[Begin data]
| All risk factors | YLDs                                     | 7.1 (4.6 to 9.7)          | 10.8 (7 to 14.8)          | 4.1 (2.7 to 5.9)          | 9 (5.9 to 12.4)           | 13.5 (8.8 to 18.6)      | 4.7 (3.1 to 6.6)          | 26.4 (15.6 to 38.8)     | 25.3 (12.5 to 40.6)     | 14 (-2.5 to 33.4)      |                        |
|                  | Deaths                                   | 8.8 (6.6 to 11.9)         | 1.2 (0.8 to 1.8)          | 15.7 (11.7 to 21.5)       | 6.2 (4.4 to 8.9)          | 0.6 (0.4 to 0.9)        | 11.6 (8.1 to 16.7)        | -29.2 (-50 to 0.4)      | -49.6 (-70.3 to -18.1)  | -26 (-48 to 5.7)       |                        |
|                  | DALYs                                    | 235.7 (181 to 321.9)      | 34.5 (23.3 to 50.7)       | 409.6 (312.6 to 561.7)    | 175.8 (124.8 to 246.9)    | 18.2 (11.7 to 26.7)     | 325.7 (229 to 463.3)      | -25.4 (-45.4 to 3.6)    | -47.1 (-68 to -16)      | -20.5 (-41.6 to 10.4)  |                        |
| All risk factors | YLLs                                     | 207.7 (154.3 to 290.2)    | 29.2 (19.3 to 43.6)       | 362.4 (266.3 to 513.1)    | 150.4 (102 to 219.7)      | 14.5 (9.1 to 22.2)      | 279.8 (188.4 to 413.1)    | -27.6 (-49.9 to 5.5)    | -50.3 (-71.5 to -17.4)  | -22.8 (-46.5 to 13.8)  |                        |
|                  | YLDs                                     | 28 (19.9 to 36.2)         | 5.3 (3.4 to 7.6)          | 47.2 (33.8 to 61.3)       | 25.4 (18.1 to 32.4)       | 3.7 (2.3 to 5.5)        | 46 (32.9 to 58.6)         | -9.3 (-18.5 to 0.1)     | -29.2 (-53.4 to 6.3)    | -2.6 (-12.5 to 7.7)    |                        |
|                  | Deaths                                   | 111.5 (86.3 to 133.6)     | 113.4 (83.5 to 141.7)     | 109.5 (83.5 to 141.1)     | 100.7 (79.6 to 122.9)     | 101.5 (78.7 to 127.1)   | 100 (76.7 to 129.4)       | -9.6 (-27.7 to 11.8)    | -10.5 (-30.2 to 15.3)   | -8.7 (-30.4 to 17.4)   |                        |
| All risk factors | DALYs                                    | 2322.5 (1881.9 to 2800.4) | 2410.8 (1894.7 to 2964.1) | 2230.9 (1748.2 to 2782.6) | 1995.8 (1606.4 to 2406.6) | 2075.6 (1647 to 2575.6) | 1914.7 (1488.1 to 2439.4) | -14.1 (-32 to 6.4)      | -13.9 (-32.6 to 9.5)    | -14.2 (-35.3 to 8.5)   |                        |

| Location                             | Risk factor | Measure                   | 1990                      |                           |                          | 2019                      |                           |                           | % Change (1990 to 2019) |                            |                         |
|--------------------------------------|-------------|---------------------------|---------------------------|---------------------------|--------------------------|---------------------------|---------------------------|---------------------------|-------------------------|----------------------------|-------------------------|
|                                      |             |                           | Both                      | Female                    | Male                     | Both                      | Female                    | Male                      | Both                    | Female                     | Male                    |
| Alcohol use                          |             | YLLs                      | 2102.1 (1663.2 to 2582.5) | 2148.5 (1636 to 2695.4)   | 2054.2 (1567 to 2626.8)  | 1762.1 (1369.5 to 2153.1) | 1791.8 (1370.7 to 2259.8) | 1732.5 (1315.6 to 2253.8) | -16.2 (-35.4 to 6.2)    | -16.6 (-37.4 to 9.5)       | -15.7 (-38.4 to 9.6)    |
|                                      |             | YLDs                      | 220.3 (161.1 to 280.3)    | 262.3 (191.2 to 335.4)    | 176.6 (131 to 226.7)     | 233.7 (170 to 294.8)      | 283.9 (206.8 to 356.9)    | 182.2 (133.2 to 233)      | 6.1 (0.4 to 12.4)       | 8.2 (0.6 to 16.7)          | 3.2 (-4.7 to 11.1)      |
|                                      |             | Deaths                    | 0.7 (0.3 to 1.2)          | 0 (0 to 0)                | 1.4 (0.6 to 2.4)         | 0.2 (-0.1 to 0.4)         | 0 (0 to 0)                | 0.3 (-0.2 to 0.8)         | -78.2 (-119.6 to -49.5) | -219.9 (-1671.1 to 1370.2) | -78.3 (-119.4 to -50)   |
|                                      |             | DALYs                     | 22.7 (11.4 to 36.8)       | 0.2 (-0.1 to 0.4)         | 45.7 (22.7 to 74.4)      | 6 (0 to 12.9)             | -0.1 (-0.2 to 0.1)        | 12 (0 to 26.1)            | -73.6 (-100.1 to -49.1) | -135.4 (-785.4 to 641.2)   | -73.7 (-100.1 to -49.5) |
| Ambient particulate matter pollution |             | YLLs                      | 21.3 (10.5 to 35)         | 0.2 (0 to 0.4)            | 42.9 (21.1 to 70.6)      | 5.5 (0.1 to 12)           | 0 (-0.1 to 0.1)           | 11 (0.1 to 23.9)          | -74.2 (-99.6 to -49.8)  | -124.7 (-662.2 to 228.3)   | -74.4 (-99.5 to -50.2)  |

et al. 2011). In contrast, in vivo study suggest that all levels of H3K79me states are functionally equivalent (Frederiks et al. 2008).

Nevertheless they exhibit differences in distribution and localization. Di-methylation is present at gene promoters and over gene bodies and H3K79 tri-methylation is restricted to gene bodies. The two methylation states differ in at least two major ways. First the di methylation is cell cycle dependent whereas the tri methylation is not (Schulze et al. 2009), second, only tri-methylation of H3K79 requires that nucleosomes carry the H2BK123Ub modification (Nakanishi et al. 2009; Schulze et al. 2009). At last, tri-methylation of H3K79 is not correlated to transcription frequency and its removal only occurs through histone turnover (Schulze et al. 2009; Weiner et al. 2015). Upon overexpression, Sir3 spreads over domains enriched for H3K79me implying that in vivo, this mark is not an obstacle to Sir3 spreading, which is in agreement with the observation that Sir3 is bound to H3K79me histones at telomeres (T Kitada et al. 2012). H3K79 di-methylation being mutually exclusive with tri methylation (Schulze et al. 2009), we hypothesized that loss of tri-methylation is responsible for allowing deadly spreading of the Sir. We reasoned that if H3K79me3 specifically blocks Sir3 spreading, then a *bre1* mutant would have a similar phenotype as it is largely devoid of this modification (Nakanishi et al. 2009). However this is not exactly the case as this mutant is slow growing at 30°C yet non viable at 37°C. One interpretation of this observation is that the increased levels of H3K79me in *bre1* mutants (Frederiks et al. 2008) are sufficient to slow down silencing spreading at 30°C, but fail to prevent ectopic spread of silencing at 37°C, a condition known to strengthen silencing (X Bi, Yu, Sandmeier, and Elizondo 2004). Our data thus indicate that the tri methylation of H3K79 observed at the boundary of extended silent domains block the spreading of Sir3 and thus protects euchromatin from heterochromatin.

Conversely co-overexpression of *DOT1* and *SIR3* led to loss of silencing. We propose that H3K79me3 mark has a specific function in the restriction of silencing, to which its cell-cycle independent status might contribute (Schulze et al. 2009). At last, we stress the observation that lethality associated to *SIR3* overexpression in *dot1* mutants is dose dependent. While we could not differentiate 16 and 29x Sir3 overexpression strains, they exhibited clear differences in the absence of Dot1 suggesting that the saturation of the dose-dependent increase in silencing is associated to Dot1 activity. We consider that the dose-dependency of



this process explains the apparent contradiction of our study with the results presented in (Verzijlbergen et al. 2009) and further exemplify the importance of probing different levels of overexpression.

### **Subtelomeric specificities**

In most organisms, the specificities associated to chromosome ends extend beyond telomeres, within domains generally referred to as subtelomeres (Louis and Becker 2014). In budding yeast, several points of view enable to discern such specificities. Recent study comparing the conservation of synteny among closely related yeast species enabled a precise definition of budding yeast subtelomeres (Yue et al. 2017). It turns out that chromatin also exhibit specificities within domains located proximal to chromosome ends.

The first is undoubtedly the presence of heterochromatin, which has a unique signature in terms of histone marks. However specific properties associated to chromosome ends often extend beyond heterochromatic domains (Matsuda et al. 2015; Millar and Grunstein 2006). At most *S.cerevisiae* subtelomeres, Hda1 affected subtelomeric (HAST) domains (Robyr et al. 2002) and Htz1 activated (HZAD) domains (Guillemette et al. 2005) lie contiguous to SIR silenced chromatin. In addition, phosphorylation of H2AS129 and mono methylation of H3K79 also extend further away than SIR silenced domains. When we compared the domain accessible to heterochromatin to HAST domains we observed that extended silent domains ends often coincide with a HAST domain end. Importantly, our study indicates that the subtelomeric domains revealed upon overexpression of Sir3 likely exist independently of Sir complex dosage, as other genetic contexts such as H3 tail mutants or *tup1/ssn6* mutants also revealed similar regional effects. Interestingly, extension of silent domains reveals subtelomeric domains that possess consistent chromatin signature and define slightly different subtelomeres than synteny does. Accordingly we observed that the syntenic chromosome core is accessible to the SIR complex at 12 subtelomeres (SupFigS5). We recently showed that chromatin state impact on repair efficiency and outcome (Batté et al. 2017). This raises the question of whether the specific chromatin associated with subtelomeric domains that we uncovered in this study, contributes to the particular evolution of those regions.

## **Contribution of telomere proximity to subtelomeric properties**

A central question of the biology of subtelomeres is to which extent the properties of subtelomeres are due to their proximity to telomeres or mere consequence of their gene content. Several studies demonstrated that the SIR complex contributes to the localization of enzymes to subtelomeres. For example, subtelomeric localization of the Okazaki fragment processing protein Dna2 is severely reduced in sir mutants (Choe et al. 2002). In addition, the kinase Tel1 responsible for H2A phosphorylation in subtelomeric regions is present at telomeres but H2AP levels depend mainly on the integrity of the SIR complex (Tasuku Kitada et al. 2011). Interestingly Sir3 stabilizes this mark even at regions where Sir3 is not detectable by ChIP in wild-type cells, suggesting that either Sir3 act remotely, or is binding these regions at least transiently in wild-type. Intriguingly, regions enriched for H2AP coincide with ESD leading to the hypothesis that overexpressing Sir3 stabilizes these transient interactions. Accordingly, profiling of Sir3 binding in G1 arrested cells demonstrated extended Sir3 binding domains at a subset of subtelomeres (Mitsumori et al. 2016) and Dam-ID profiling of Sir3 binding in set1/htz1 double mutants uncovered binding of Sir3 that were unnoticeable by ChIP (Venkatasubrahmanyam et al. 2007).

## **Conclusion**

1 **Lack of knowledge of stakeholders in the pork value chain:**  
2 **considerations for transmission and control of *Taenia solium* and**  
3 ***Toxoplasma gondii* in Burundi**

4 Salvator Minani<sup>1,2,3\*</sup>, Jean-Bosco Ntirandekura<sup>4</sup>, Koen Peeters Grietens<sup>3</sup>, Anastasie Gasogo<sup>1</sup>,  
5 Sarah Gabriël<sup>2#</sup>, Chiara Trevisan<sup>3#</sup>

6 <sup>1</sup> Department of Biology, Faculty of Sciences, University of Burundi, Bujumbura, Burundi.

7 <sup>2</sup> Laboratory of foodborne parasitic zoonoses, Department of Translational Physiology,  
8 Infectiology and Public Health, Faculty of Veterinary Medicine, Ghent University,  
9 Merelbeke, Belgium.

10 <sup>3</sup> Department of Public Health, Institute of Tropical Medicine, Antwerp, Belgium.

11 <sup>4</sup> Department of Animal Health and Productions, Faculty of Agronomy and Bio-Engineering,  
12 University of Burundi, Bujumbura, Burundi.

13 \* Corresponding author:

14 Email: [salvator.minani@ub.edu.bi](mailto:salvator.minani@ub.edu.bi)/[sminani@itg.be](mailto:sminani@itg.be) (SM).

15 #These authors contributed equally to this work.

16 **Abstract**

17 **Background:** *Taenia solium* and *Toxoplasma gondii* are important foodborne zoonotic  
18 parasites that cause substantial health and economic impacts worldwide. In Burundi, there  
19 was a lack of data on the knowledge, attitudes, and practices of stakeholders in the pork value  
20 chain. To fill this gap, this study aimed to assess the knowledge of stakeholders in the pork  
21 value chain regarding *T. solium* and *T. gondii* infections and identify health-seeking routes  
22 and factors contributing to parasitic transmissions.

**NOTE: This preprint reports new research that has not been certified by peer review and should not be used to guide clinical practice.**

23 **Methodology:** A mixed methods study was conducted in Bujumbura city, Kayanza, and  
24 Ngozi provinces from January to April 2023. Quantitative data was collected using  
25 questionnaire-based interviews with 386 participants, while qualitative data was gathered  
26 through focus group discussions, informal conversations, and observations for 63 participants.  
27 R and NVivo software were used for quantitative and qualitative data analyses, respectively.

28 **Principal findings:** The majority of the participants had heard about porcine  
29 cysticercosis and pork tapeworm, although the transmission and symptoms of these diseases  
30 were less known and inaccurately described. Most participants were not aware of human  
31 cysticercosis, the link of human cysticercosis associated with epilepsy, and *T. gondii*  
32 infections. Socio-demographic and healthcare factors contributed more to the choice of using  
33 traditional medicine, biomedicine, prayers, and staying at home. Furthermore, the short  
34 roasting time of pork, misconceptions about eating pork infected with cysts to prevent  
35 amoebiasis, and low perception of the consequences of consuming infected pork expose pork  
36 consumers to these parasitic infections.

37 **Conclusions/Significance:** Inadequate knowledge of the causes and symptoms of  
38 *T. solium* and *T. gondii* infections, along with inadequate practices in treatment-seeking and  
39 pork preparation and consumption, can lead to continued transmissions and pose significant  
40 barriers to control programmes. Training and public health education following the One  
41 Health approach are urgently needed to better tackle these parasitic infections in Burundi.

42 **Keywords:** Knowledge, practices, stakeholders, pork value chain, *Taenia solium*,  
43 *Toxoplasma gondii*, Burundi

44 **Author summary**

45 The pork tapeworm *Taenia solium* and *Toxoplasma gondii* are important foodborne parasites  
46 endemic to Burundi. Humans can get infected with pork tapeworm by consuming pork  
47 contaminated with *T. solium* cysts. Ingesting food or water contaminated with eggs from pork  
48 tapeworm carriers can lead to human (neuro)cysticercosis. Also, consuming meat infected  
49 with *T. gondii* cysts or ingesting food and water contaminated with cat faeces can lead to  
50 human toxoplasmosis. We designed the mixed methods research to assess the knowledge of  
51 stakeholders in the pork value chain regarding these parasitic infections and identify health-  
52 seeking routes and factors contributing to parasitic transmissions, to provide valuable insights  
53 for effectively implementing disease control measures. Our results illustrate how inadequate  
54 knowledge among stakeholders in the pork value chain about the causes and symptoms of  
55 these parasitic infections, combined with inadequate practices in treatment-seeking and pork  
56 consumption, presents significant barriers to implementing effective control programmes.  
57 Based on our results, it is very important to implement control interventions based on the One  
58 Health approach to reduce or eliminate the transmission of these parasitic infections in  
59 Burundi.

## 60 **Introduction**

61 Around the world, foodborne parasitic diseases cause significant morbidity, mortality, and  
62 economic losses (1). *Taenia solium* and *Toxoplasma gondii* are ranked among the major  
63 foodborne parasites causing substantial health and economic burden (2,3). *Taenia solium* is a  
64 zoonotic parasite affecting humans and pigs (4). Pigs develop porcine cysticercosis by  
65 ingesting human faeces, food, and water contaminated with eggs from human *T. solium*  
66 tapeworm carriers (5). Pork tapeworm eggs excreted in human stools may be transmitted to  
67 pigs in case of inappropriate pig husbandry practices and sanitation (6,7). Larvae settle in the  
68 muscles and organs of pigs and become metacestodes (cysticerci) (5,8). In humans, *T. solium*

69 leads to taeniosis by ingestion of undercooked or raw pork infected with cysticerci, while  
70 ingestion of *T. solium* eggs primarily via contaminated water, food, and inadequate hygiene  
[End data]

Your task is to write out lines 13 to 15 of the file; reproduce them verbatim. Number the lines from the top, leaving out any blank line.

|                                      |             | Deaths                    | 0.7 (0.3 to 1.2)          | 0 (0 to 0)                | 1.4 (0.6 to 2.4)         | 0.2 (-0.1 to 0.4)         | 0 (0 to 0)                | 0.3 (-0.2 to 0.8)         | -78.2 (-119.6 to -49.5) | -219.9 (-1671.1 to 1370.2) | -78.3 (-119.4 to -50)   |
|                                      |             | DALYs                     | 22.7 (11.4 to 36.8)       | 0.2 (-0.1 to 0.4)         | 45.7 (22.7 to 74.4)      | 6 (0 to 12.9)             | -0.1 (-0.2 to 0.1)        | 12 (0 to 26.1)            | -73.6 (-100.1 to -49.1) | -135.4 (-785.4 to 641.2)   | -73.7 (-100.1 to -49.5) |
| Ambient particulate matter pollution |             | YLLs                      | 21.3 (10.5 to 35)         | 0.2 (0 to 0.4)            | 42.9 (21.1 to 70.6)      | 5.5 (0.1 to 12)           | 0 (-0.1 to 0.1)           | 11 (0.1 to 23.9)          | -74.2 (-99.6 to -49.8)  | -124.7 (-662.2 to 228.3)   | -74.4 (-99.5 to -50.2)  |